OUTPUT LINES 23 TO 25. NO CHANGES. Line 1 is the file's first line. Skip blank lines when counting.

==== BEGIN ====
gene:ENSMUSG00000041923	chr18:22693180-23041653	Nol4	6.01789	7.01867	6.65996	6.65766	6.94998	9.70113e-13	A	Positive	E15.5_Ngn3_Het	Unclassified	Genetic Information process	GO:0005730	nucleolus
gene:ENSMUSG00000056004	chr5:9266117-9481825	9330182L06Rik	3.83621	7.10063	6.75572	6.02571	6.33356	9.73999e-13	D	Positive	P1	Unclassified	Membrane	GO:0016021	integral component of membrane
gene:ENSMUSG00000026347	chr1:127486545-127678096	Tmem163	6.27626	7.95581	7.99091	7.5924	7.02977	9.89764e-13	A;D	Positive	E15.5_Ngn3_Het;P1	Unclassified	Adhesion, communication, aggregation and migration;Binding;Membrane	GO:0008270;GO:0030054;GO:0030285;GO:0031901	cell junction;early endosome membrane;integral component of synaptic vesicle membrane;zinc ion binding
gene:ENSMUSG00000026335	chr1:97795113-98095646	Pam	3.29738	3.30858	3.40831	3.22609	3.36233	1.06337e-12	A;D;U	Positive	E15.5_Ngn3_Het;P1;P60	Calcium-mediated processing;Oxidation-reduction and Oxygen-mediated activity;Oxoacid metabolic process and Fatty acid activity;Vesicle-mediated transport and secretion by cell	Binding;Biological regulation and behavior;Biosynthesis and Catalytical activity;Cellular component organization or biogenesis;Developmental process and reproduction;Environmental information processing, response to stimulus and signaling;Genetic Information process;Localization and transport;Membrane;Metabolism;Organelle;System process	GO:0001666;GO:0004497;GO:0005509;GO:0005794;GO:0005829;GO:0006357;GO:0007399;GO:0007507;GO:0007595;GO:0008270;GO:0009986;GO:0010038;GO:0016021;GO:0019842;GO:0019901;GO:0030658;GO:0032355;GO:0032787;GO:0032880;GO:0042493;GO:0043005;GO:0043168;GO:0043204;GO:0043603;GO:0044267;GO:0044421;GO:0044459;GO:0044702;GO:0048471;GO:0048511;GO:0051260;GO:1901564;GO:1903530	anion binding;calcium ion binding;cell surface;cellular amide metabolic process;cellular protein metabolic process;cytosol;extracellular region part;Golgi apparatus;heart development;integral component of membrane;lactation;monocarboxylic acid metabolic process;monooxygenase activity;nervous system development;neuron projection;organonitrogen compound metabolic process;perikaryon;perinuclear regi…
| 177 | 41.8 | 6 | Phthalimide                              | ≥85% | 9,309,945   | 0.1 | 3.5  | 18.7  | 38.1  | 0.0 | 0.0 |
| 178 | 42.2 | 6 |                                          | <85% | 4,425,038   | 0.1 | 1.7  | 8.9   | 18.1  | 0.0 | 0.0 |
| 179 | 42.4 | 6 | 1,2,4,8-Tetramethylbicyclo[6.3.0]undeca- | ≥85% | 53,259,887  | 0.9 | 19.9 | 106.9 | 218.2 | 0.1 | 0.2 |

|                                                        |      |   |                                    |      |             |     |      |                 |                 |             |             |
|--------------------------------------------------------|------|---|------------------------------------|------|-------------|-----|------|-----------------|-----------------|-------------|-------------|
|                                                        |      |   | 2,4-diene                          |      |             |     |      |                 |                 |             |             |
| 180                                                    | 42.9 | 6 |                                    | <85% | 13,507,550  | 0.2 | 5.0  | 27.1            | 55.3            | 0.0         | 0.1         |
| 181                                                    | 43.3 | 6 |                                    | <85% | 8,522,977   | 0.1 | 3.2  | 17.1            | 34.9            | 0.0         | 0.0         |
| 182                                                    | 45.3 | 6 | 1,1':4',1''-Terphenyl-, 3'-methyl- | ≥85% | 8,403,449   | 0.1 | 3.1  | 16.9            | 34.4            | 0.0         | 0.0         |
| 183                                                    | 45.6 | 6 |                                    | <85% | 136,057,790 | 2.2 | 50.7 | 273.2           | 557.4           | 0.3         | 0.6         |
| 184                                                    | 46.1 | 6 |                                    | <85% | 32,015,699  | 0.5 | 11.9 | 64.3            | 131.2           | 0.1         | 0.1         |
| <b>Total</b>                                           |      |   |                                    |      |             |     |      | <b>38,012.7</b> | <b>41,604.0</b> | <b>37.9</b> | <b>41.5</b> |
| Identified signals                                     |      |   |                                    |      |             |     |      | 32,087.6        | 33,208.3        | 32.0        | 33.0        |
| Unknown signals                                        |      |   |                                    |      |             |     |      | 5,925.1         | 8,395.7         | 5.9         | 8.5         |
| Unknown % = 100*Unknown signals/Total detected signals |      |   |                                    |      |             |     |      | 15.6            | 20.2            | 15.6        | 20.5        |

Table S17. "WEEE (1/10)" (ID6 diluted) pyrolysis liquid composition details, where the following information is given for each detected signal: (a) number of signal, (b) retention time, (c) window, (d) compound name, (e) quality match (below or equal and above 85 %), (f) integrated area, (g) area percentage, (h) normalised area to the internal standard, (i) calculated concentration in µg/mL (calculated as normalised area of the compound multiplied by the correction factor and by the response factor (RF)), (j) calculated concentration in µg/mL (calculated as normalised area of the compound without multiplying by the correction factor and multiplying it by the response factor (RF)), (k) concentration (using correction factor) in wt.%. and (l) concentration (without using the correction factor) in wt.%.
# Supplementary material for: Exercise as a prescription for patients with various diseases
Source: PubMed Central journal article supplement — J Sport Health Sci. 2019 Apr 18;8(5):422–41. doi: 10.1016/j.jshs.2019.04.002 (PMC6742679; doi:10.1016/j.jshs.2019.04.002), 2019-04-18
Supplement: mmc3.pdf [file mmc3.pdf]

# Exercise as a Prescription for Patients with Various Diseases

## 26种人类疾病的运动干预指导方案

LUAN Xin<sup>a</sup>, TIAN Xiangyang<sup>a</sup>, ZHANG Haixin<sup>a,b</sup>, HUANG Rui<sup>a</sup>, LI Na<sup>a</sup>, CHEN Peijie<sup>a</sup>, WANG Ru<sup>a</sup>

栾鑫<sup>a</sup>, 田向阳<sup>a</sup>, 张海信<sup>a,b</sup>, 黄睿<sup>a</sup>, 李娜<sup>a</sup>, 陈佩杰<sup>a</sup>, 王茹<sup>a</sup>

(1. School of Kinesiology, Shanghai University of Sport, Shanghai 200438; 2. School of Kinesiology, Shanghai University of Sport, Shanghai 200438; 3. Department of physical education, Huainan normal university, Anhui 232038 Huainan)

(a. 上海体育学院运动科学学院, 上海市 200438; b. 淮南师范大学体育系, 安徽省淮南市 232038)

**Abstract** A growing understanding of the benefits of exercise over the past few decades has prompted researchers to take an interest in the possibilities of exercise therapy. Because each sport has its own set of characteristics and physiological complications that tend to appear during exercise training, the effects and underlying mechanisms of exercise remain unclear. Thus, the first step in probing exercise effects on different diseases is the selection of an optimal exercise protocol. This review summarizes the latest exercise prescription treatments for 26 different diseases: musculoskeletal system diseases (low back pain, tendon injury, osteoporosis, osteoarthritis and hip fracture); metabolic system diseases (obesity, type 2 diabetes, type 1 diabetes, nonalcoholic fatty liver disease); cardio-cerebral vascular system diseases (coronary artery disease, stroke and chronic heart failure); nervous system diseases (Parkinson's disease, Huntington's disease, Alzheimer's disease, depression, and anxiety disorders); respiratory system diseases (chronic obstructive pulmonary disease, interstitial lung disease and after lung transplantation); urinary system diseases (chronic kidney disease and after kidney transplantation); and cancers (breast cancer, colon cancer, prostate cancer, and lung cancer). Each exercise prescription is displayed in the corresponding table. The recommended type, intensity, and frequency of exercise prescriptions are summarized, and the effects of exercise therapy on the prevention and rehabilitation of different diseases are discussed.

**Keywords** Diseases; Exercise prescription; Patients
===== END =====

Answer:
Supplement: mmc3.pdf [file mmc3.pdf]

# Exercise as a Prescription for Patients with Various Diseases

## 26种人类疾病的运动干预指导方案